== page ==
Ruth Murphey Parker, MD

    • January 24, 2013

Position: Professor of Medicine, Department of Medicine
Emory University School of Medicine, Atlanta
Associate Professor of Epidemiology
Emory School of Public Health

Clinical Scholar: 1986–1988, University of Pennsylvania School of Medicine, Philadelphia

Research Project: "The Health of Homeless Families in Philadelphia"

Clinical Specialty: Internal Medicine

Ruth Murphey Parker's research has focused predominantly in two areas: medical education and health services for under-served populations. She has explored residency training issues, gender and medical socialization, and the practice of physicians trained in primary care. Her work on health issues of under-served populations has led her into health literacy. She helped create an instrument that measures and quantifies patients' ability to read and understand health care information. She is now exploring how poor health literacy affects patient care.

As a Clinical Scholar I did a general and demographic health survey of homeless children and their parents. The Clinical Scholars program didn't have money to help me with this kind of work, but they helped me get funding from the United Way of Philadelphia. The experience sealed my commitment to issues of access and to the area of health services research.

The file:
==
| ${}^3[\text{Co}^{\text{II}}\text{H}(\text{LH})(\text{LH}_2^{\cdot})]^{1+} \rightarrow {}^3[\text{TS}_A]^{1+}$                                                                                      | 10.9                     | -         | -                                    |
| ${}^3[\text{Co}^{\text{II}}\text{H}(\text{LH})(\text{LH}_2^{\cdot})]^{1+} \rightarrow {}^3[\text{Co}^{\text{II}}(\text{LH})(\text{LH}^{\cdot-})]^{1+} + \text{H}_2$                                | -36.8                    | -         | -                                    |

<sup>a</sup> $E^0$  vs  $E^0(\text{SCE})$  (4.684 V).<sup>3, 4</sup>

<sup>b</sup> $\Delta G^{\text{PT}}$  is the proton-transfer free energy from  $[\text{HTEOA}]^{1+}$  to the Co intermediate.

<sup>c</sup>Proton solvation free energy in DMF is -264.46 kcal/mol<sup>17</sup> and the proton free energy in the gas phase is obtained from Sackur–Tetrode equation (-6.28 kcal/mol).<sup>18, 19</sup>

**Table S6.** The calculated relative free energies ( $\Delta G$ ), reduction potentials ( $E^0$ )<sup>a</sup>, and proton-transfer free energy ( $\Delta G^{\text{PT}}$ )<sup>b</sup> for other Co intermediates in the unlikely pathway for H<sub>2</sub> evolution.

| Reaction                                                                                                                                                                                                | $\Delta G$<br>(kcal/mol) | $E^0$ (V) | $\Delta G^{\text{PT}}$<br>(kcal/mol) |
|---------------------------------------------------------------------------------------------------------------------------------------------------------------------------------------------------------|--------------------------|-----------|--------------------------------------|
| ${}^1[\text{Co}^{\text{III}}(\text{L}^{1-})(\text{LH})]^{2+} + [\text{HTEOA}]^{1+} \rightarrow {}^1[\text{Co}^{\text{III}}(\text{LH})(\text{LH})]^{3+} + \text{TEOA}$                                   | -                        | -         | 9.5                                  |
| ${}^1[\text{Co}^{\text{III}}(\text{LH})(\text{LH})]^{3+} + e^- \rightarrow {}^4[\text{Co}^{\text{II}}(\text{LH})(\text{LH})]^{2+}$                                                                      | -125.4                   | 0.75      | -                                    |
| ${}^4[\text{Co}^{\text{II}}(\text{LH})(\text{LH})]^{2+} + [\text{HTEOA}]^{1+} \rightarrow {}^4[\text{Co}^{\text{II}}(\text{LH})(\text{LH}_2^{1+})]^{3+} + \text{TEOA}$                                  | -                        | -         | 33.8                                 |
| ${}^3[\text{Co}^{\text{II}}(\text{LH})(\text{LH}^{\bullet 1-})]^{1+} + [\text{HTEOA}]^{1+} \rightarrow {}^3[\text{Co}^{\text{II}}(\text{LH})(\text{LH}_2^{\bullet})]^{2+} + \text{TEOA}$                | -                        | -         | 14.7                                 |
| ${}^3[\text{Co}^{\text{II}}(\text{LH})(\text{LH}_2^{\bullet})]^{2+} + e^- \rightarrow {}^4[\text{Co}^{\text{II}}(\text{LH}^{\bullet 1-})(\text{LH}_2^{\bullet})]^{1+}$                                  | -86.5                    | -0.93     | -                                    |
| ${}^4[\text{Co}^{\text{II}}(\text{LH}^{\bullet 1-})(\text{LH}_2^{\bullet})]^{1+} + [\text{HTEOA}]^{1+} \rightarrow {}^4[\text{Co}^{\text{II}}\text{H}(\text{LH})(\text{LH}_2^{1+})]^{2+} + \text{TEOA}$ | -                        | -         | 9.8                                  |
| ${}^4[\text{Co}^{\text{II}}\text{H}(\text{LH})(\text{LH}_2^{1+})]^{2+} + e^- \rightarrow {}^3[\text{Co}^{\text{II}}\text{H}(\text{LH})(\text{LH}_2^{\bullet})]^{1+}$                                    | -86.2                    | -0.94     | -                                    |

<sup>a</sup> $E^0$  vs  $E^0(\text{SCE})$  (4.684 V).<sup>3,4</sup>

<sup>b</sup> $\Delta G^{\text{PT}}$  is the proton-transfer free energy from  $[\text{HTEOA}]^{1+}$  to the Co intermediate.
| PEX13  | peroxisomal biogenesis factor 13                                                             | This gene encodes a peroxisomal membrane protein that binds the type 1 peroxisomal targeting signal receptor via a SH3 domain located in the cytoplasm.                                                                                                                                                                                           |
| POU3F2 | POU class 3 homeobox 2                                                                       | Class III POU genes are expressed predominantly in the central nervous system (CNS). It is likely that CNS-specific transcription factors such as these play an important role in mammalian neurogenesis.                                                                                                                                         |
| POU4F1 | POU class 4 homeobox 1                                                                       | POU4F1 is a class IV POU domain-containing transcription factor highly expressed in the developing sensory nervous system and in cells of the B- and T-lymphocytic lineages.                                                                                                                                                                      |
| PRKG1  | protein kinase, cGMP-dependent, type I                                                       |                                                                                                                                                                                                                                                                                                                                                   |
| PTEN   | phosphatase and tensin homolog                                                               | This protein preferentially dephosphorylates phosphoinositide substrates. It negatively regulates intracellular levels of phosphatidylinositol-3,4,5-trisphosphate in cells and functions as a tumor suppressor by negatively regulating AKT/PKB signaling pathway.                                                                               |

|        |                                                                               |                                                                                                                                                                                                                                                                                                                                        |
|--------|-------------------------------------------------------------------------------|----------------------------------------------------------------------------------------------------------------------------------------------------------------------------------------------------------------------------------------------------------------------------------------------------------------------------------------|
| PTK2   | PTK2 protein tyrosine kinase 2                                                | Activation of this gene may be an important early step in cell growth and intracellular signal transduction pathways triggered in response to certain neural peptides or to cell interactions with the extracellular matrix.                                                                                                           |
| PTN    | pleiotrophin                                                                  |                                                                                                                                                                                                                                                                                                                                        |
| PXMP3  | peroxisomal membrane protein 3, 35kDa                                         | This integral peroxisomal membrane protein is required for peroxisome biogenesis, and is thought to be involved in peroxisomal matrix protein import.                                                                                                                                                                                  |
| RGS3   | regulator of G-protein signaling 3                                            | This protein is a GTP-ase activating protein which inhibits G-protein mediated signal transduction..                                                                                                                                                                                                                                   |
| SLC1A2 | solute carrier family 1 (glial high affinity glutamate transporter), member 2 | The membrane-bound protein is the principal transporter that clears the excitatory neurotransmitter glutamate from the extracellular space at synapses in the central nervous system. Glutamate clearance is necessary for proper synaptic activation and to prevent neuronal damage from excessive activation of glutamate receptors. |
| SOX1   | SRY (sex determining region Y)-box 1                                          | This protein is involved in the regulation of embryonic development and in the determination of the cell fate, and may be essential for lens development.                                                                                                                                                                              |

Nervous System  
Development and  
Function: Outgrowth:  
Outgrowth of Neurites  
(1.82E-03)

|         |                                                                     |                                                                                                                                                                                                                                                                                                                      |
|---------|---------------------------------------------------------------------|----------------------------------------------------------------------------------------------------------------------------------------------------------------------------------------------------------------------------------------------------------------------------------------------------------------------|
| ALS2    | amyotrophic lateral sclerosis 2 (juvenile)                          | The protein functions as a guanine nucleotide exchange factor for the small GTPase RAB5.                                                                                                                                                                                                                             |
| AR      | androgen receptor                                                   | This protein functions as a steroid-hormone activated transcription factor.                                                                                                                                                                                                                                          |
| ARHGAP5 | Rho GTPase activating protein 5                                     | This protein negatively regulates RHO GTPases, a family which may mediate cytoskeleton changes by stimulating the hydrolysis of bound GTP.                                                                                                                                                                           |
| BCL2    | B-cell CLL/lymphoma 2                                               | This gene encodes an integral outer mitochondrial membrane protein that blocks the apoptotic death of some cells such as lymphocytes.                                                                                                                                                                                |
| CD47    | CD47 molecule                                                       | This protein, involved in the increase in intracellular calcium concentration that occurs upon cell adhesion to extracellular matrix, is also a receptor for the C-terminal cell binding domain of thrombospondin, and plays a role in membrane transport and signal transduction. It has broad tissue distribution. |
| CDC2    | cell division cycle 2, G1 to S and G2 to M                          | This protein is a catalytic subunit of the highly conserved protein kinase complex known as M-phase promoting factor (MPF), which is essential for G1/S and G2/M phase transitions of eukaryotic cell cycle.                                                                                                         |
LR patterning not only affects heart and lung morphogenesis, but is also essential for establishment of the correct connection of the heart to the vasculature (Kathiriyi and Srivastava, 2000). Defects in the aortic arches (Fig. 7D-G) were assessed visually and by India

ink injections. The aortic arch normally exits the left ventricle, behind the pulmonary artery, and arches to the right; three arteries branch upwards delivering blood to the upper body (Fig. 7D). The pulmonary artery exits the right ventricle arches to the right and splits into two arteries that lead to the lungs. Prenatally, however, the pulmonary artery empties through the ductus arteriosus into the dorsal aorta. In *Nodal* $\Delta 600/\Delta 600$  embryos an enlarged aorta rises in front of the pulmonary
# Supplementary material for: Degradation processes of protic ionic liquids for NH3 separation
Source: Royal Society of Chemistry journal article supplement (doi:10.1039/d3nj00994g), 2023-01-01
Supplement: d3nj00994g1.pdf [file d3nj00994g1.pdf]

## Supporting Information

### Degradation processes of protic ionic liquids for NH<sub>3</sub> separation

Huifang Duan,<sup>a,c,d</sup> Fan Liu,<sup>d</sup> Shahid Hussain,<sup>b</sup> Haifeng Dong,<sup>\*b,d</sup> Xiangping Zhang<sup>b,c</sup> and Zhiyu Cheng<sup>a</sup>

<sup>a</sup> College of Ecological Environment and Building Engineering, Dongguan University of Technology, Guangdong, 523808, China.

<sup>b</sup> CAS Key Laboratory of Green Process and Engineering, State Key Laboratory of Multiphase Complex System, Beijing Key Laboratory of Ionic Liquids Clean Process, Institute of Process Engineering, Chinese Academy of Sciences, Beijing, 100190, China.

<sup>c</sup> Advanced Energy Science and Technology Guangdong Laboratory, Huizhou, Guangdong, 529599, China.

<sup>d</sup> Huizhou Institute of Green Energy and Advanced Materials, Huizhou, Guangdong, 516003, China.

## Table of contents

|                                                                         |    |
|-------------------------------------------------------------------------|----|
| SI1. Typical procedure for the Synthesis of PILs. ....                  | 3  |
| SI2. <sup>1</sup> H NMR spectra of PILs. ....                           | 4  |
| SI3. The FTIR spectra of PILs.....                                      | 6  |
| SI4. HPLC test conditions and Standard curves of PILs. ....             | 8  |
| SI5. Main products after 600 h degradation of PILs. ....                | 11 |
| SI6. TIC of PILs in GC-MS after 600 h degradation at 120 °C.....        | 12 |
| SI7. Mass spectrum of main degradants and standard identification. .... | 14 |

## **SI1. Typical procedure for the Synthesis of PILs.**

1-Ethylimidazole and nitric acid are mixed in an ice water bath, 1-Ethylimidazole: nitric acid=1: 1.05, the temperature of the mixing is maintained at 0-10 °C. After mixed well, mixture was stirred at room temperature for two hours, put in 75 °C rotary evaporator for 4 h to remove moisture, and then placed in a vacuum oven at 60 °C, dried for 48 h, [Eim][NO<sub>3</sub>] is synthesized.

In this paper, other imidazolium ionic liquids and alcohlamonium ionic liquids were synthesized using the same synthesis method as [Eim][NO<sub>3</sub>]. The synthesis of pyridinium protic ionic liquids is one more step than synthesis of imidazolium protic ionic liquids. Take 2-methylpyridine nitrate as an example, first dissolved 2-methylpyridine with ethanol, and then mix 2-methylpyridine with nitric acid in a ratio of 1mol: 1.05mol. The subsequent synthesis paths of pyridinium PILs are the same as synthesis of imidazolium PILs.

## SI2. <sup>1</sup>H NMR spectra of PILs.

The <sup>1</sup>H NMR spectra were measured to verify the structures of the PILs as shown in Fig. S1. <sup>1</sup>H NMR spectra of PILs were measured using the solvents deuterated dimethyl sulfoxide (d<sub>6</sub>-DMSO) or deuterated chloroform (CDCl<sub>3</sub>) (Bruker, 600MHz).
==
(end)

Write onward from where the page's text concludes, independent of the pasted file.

About 10 years ago, I began exploring the issue of health literacy, basically through a survey of patient satisfaction in a public hospital. I'm not sure I would have recognized the issue without the Clinical Scholars program. Dave Baker, a former scholar on the West Coast, had similarly recognized that patients didn't know how to follow medical directions, dosages and such. I was able to get funding to do research in this area, helping to create an instrument to measure patients' abilities to read and understand health care information. The Council on Scientific Affairs of the AMA [American Medical Association] formed an expert panel on health literacy and the AMA Foundation has made this a national signature issue. The steering committee for the AMA Foundation national program on health literacy has four Clinical Scholars program alumni.